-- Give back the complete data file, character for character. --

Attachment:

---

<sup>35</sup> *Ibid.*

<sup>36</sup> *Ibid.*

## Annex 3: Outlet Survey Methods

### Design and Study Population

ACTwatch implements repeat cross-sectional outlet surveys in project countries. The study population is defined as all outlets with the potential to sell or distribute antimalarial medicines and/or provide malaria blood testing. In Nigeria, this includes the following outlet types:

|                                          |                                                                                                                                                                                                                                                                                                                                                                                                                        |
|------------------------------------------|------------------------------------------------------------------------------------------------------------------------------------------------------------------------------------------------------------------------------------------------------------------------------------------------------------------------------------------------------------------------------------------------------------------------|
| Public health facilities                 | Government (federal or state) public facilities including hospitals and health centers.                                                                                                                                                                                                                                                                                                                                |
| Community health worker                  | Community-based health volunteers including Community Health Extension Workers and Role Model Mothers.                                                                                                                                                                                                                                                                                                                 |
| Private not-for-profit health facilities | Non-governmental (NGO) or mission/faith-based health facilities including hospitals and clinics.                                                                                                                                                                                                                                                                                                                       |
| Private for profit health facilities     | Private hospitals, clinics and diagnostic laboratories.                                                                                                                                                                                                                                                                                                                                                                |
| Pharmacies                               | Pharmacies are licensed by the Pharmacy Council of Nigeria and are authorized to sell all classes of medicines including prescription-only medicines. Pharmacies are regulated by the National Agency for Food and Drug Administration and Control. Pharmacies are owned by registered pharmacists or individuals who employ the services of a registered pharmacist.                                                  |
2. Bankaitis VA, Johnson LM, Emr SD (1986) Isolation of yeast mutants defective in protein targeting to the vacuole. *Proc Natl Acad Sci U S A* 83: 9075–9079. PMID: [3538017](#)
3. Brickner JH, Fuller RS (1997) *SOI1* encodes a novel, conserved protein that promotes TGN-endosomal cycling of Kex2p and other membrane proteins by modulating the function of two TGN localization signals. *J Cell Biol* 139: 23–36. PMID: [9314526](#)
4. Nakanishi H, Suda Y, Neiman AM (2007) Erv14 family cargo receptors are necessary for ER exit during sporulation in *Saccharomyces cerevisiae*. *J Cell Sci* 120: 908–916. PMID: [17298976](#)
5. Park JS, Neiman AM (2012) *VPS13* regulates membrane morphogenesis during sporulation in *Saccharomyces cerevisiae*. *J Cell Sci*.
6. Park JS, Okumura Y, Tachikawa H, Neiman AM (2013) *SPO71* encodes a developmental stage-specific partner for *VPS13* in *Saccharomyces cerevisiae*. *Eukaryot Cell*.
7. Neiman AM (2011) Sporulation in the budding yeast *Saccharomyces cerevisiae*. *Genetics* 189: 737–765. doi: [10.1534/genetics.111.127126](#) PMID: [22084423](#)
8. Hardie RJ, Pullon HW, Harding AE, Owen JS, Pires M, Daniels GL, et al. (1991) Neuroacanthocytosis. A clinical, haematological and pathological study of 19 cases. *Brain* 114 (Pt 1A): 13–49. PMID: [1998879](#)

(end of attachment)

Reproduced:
---

<sup>35</sup> *Ibid.*

<sup>36</sup> *Ibid.*

## Annex 3: Outlet Survey Methods

### Design and Study Population

ACTwatch implements repeat cross-sectional outlet surveys in project countries. The study population is defined as all outlets with the potential to sell or distribute antimalarial medicines and/or provide malaria blood testing. In Nigeria, this includes the following outlet types:

|                                          |                                                                                                                                                                                                                                                                                                                                                                                                                        |
|------------------------------------------|------------------------------------------------------------------------------------------------------------------------------------------------------------------------------------------------------------------------------------------------------------------------------------------------------------------------------------------------------------------------------------------------------------------------|
| Public health facilities                 | Government (federal or state) public facilities including hospitals and health centers.                                                                                                                                                                                                                                                                                                                                |
| Community health worker                  | Community-based health volunteers including Community Health Extension Workers and Role Model Mothers.                                                                                                                                                                                                                                                                                                                 |
| Private not-for-profit health facilities | Non-governmental (NGO) or mission/faith-based health facilities including hospitals and clinics.                                                                                                                                                                                                                                                                                                                       |
| Private for profit health facilities     | Private hospitals, clinics and diagnostic laboratories.                                                                                                                                                                                                                                                                                                                                                                |
| Pharmacies                               | Pharmacies are licensed by the Pharmacy Council of Nigeria and are authorized to sell all classes of medicines including prescription-only medicines. Pharmacies are regulated by the National Agency for Food and Drug Administration and Control. Pharmacies are owned by registered pharmacists or individuals who employ the services of a registered pharmacist.                                                  |
2. Bankaitis VA, Johnson LM, Emr SD (1986) Isolation of yeast mutants defective in protein targeting to the vacuole. *Proc Natl Acad Sci U S A* 83: 9075–9079. PMID: [3538017](#)
3. Brickner JH, Fuller RS (1997) *SOI1* encodes a novel, conserved protein that promotes TGN-endosomal cycling of Kex2p and other membrane proteins by modulating the function of two TGN localization signals. *J Cell Biol* 139: 23–36. PMID: [9314526](#)
4. Nakanishi H, Suda Y, Neiman AM (2007) Erv14 family cargo receptors are necessary for ER exit during sporulation in *Saccharomyces cerevisiae*. *J Cell Sci* 120: 908–916. PMID: [17298976](#)
5. Park JS, Neiman AM (2012) *VPS13* regulates membrane morphogenesis during sporulation in *Saccharomyces cerevisiae*. *J Cell Sci*.
6. Park JS, Okumura Y, Tachikawa H, Neiman AM (2013) *SPO71* encodes a developmental stage-specific partner for *VPS13* in *Saccharomyces cerevisiae*. *Eukaryot Cell*.
7. Neiman AM (2011) Sporulation in the budding yeast *Saccharomyces cerevisiae*. *Genetics* 189: 737–765. doi: [10.1534/genetics.111.127126](#) PMID: [22084423](#)
8. Hardie RJ, Pullon HW, Harding AE, Owen JS, Pires M, Daniels GL, et al. (1991) Neuroacanthocytosis. A clinical, haematological and pathological study of 19 cases. *Brain* 114 (Pt 1A): 13–49. PMID: [1998879](#)